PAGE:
Hospitals Merging at Fastest Rate Since 1990s

The biggest wave of hospital mergers since the 1990s has hospitals merging faster and in greater numbers than they have in years. In 2009, there were 50 merger deals; that number more than doubled to 105 in 2012. A consulting firm predicts that 20 percent of the hospitals in the United States may seek mergers in the next five to seven years. The rapid mergers are creating large super-regional hospital systems, which may result in higher health care costs. Larger hospital systems damage the ability of smaller and independent hospitals to compete. A large system has more negotiating clout with insurers; higher insurance premiums, co-pays, and out-of-pocket expenses may result for patients while the hospitals maintain profits.

Some hospitals are merging in response to the Patient Protection and Affordable Care Act (PPACA) (P.L. 111-148), which gives hospitals an incentive to keep patients healthy, rather than being paid on number of patients, tests, and procedures. Lower payments from the federal government and declining patient admissions have left many facilities struggling financially. This fundamental change in hospitals’ business model has led some hospital executives to believe a merger is the only way to stay open. Merged hospitals can reduce costs for clerical work, freeing up money to invest in electronic health records systems and physician practices to ensure patient health outside of the hospital facility. Consumers will be able to use the state exchanges created by PPACA to see differences among hospital prices, particularly between markets that have consolidated and those that have not. Due to geographic constraints, some people may not have a choice about using a large conglomerate.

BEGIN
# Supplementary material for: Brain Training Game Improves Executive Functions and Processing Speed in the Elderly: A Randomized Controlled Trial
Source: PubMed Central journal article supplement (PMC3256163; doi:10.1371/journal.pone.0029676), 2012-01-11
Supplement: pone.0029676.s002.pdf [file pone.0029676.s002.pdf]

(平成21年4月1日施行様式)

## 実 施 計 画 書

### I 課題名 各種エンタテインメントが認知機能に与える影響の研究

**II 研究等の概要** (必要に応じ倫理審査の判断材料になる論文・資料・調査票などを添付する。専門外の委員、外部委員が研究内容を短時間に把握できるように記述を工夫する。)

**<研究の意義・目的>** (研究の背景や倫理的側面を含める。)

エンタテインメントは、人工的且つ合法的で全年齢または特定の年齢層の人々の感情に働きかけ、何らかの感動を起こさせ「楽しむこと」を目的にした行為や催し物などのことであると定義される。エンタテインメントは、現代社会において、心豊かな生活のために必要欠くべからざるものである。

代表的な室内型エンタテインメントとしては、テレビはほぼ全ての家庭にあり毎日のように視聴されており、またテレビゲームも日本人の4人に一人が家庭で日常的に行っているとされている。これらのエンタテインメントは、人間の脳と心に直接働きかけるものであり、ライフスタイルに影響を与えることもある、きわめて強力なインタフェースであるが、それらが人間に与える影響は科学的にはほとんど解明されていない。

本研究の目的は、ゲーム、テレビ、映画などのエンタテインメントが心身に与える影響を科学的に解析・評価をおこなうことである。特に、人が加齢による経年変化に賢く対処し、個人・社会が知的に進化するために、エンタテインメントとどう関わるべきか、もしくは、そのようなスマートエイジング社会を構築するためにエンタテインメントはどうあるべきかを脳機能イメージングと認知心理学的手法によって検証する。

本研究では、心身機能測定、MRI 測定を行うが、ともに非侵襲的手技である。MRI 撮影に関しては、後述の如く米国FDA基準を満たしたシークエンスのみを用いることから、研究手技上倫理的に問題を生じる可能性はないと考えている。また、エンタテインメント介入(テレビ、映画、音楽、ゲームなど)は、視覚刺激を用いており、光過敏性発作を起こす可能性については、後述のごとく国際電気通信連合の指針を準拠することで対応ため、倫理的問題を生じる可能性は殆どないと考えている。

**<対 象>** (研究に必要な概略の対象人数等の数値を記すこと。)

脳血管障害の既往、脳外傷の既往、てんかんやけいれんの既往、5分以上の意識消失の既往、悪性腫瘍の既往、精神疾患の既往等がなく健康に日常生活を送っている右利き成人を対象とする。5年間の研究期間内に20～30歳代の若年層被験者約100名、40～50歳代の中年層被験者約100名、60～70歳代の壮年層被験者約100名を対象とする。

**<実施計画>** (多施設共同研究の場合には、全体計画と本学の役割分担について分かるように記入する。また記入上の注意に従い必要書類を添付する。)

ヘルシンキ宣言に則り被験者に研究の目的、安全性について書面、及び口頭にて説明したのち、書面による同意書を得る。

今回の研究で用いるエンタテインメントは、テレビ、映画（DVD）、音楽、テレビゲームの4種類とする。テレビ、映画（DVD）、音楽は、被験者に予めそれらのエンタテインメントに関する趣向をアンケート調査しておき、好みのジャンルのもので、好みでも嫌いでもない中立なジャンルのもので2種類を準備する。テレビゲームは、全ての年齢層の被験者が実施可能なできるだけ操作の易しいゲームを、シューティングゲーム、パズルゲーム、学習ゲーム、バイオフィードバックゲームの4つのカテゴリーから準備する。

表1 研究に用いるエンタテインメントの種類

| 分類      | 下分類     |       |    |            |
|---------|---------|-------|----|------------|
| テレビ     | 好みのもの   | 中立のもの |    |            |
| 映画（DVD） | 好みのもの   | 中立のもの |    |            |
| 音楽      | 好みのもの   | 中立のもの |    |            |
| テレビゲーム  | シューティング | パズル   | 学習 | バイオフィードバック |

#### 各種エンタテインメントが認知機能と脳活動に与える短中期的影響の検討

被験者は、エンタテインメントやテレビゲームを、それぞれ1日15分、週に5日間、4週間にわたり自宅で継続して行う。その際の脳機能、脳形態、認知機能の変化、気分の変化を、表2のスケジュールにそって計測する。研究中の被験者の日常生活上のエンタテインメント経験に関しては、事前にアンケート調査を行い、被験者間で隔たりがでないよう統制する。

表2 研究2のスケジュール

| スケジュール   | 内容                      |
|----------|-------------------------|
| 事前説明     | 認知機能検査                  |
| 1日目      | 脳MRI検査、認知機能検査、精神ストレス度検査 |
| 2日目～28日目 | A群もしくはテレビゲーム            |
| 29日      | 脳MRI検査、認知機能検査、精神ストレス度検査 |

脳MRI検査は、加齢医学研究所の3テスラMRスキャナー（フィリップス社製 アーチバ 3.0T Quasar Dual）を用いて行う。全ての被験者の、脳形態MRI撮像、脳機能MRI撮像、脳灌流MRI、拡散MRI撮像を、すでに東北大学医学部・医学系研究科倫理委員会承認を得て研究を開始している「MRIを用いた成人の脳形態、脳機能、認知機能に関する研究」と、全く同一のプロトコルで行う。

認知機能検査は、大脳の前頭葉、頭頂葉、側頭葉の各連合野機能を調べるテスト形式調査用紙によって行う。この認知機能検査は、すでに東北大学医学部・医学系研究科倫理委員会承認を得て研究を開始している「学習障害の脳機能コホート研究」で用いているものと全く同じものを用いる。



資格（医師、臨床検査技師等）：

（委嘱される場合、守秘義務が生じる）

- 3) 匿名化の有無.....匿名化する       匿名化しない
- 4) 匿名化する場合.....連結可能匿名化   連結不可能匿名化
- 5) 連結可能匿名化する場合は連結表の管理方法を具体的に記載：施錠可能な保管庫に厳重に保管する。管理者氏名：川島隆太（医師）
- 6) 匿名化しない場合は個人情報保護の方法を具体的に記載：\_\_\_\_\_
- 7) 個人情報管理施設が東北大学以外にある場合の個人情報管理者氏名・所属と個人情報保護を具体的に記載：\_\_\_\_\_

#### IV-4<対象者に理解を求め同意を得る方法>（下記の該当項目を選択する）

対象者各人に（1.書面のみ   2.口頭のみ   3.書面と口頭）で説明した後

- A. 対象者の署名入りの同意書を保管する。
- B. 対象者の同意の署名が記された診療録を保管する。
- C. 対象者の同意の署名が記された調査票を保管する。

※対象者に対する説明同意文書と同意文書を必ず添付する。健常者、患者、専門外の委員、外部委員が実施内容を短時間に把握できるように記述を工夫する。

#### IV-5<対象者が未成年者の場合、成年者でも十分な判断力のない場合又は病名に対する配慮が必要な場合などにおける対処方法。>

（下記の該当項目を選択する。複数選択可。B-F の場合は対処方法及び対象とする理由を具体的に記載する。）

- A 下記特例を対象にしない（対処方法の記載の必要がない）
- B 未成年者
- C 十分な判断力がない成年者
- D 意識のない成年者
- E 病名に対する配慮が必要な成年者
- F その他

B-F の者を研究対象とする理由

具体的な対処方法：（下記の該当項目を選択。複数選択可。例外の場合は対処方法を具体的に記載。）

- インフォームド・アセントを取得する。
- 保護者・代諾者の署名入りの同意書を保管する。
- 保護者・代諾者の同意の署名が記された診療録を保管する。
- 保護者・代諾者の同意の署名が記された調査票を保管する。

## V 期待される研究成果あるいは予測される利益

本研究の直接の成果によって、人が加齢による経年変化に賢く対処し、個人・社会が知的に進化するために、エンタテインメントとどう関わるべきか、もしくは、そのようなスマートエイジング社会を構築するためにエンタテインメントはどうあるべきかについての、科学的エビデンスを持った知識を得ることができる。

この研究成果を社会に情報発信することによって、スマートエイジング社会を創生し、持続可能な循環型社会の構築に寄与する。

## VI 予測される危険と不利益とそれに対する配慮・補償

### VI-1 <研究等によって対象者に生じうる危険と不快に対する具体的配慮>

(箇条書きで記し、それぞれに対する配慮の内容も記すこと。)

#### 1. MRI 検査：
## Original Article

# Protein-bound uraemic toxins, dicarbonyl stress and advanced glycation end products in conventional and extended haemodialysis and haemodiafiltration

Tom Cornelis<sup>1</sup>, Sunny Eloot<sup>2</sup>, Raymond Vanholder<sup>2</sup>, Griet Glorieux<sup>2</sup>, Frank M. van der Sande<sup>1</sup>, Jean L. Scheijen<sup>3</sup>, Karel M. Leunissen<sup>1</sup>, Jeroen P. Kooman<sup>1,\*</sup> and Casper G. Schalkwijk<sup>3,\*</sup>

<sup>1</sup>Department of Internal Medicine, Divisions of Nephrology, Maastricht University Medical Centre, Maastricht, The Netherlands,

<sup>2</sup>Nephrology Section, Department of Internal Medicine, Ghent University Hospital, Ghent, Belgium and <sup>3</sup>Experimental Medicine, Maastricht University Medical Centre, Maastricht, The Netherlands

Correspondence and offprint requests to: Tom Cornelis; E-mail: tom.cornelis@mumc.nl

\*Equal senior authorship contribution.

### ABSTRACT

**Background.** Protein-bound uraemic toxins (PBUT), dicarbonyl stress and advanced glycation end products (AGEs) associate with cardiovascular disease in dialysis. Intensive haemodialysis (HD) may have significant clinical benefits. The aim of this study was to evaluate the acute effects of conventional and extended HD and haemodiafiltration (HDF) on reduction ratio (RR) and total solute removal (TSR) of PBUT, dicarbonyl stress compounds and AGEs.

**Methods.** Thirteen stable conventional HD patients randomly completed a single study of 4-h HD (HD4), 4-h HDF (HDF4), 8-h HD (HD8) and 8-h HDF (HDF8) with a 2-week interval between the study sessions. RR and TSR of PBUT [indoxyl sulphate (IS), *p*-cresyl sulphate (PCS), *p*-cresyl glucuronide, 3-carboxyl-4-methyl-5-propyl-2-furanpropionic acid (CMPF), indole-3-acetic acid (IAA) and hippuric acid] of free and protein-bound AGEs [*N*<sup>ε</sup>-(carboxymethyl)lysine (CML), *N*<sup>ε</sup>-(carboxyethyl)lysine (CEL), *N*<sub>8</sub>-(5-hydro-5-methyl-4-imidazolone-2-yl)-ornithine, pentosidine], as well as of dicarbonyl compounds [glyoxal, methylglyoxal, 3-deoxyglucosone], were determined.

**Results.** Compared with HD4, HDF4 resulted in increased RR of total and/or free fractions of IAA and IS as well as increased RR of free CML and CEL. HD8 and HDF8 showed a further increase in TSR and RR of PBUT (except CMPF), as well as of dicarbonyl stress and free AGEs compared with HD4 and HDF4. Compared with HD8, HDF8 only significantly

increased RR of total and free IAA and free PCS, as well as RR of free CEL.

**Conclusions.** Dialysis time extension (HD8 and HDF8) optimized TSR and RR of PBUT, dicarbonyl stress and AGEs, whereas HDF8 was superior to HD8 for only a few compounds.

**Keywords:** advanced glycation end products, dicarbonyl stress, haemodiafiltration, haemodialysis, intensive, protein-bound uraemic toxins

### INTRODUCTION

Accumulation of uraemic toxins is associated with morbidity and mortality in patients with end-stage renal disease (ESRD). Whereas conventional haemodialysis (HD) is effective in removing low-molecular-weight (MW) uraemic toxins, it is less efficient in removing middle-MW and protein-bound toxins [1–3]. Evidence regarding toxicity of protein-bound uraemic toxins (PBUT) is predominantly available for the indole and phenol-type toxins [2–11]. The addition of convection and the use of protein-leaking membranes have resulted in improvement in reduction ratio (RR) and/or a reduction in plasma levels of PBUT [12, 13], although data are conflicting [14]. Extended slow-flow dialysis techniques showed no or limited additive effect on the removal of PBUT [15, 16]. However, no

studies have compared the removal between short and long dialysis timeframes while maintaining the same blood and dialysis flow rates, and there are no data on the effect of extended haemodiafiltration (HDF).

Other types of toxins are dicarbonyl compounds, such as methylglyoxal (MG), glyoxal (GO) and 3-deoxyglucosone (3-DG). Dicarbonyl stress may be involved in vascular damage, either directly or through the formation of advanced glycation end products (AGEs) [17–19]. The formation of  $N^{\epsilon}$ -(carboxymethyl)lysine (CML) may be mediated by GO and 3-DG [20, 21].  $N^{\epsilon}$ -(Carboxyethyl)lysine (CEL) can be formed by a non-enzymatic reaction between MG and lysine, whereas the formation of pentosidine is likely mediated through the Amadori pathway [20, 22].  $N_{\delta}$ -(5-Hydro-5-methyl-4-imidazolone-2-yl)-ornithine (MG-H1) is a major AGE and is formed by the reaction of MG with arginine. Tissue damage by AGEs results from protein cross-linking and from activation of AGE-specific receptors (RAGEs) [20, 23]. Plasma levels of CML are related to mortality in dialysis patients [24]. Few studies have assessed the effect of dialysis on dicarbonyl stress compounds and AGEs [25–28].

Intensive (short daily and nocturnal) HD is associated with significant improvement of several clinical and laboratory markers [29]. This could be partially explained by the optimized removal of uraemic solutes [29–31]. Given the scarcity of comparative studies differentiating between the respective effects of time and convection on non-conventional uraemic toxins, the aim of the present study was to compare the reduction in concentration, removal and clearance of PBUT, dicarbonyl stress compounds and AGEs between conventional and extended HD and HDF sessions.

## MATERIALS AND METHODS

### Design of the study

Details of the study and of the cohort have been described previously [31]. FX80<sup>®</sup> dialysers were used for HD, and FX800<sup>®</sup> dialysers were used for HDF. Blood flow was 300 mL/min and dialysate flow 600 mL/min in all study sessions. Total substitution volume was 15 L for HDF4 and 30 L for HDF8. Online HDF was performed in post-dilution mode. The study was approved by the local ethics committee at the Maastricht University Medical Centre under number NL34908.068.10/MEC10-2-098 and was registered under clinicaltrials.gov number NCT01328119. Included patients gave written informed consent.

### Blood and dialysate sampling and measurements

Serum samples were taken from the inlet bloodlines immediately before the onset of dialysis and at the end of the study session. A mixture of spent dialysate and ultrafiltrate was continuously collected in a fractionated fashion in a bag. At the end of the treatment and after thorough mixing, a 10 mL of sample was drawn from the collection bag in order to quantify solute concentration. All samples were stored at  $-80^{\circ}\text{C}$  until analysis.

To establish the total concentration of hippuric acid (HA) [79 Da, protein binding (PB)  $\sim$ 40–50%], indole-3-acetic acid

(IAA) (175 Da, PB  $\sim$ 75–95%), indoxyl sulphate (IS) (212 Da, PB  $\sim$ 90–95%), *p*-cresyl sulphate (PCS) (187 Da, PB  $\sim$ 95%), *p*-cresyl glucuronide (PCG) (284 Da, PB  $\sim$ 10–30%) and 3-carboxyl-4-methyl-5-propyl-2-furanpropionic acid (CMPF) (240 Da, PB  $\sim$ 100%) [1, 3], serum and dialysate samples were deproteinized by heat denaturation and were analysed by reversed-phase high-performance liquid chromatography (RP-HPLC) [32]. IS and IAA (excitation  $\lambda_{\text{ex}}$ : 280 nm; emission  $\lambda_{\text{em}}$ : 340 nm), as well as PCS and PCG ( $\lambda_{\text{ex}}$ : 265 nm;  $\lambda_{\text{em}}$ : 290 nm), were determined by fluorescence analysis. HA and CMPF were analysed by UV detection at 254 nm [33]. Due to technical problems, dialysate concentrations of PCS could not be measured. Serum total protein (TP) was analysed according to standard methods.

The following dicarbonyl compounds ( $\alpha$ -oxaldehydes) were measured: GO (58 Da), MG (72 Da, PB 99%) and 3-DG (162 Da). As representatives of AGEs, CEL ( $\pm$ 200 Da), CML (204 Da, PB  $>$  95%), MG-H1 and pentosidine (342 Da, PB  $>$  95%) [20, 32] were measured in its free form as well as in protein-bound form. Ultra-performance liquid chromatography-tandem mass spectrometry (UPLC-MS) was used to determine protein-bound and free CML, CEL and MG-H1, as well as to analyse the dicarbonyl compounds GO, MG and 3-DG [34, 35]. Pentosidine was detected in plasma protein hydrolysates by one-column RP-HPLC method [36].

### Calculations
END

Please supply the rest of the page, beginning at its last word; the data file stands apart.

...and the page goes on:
Federal Action

The Federal Trade Commission (FTC) has increased its oversight of hospital mergers due to concerns about anticompetitive practices. The additional scrutiny has resulted in a handful of blocked transactions. In February, the Supreme Court allowed the FTC to challenge the merger of the only two hospitals in Albany, Georgia, despite one of the hospitals being under the auspices of the county hospital authority. The Court held that local governing bodies engaged in anticompetitive conduct are not immune to federal antitrust laws unless clearly authorized by the state. The two hospitals agreed to a court order barring them from further integration until the completion of a full trial on the merits before an administrative law judge. The FTC has also exercised its authority to place limits on hospital acquisitions to ensure fair competition, and to restore competition following a merger.

Whether the mergers will increase remains to be seen–implementation of PPACA and FTC oversight will certainly play a role in determining whether this is just the beginning of a merger boom.